When I was a kid, one of my mother's friends bequeathed me her Breyer model horse collection. I ecstatically played with them in the backyard for years. They were like My Little Ponies, but grown-up!
Later, my brief stint in 4-H taught me that you could "show" them. Basically, it was playing dress-up with your Breyer, but with lots of homework involved. You could make some tack (or buy it if you were rich), dress your horse, then on a notecard, write what the horse was and why it was wearing this particular outfit. You got judged on how neatly you presented your stuff, how nice/realistic the tack and model were, and your knowledge of it all. "Paint horse with purple felt halter" got you minimal points, "trotting bay frame overo with real leather-and-silver western show halter, shown as in showmanship class" got you way more points. (Rules here)
As a kid, I thought it was kind of dumb; I wanted a real horse. This model horse showing seemed like a poor substitute. Until recently, I had no idea that it's a really big thing. It's not a poor substitute, it's a past-time bordering on a career. Like, on the level of some peoples' obsessions with scale model railroads. Adults spend thousands and thousands of dollars on showing model horses. The level of detail on some of them is incredible.
- Serious competitors have a "stable name" and show names for each horse in their "show string." They collect only the rarest, best-quality models. (If you want to identify one of yours, try this guide for Breyers and this guide for Peter Stone models. If it's not one of those, well, good luck.)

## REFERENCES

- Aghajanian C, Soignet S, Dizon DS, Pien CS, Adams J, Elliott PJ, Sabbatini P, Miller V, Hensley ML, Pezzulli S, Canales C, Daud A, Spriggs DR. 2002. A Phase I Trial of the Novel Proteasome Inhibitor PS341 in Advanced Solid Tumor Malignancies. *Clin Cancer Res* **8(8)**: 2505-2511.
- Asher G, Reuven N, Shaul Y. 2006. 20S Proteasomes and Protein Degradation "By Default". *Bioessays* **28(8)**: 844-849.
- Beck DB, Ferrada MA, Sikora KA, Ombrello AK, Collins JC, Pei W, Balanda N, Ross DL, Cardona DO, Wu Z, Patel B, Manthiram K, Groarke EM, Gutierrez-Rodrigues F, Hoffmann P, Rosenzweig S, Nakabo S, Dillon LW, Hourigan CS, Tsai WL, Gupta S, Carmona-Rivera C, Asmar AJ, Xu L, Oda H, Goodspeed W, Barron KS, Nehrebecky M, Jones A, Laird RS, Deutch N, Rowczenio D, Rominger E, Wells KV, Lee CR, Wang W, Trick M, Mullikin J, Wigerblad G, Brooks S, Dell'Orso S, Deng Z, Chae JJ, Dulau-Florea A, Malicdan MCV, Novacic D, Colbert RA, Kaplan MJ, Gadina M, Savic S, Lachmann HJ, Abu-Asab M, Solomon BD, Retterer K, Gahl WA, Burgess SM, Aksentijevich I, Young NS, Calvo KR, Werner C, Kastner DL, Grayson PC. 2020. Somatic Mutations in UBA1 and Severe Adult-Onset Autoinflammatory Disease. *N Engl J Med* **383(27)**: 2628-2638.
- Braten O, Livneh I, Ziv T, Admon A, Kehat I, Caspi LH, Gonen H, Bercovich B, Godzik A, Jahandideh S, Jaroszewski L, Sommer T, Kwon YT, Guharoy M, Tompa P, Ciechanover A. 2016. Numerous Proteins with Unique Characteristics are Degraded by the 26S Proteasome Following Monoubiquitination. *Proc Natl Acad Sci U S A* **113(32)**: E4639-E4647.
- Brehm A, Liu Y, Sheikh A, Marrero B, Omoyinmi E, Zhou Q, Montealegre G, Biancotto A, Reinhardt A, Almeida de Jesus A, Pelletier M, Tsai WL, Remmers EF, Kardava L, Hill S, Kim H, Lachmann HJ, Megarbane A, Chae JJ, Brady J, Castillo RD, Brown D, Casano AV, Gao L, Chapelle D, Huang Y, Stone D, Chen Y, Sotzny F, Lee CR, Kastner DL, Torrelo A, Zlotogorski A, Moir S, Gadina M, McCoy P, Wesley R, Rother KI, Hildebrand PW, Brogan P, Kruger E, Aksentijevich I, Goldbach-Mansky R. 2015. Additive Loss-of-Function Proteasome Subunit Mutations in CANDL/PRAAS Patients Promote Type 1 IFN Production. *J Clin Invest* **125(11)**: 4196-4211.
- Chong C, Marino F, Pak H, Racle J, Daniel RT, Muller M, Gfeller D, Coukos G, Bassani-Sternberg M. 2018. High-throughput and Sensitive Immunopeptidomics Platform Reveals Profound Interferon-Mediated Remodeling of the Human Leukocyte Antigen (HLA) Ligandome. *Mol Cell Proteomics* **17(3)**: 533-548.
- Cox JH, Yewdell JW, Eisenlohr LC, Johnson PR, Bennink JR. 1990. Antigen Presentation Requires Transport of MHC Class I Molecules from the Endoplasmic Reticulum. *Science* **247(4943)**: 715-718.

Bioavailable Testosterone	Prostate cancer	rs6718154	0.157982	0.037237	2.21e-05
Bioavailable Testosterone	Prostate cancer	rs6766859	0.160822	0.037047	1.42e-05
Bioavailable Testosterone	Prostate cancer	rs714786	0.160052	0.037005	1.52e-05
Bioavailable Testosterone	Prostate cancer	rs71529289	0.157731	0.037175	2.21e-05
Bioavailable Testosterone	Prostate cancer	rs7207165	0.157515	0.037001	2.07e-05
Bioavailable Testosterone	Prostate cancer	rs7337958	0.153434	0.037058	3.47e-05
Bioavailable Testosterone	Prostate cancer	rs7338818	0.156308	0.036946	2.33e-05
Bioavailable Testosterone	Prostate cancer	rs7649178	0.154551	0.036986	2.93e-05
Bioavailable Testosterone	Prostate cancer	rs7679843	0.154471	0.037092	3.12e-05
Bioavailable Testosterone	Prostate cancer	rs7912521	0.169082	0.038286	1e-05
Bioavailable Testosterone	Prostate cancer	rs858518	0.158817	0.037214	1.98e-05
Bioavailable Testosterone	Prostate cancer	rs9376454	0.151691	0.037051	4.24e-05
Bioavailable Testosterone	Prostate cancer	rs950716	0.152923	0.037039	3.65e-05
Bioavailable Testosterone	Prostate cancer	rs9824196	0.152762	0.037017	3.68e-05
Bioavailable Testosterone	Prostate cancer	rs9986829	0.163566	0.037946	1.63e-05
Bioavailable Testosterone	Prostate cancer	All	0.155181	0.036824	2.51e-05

- Really really serious competitors transport their model horses in super-protective, locked cases!
- You can paint, re-mold and customize the models, either by ordering one custom-made for you or doing it yourself (with extremely precise tools).
- There are special shows and show categories for horses made by different companies, re-painted and re-sculpted horses, etc. There are also "classes" for every kind of tacked or un-tacked model horse imagineable.
- You can make or buy realistic dolls to ride or show your horses.
- You can create or buy custom tack for every horse sport, with incredible detail.
- You can spend hundreds of hours (or dollars) making realistic scenery with which to display your models.
- There are model horse associations of all stripes, including the North American Model Horse Shows Association (membership only $30 for two years).
- There are "live shows" where you physically travel to a location and set up your horses on a "show ring" (big table) and photo shows, where you can email pictures to an online show organizer. Of course, you have to pay an entry fee for shows, just like real horse shows.
Wow, right? Who would have thought that there was an entire sub-sub-culture of horse enthusiasts. Kind of scary.
Oh, and just for fun: Best Costume Ever: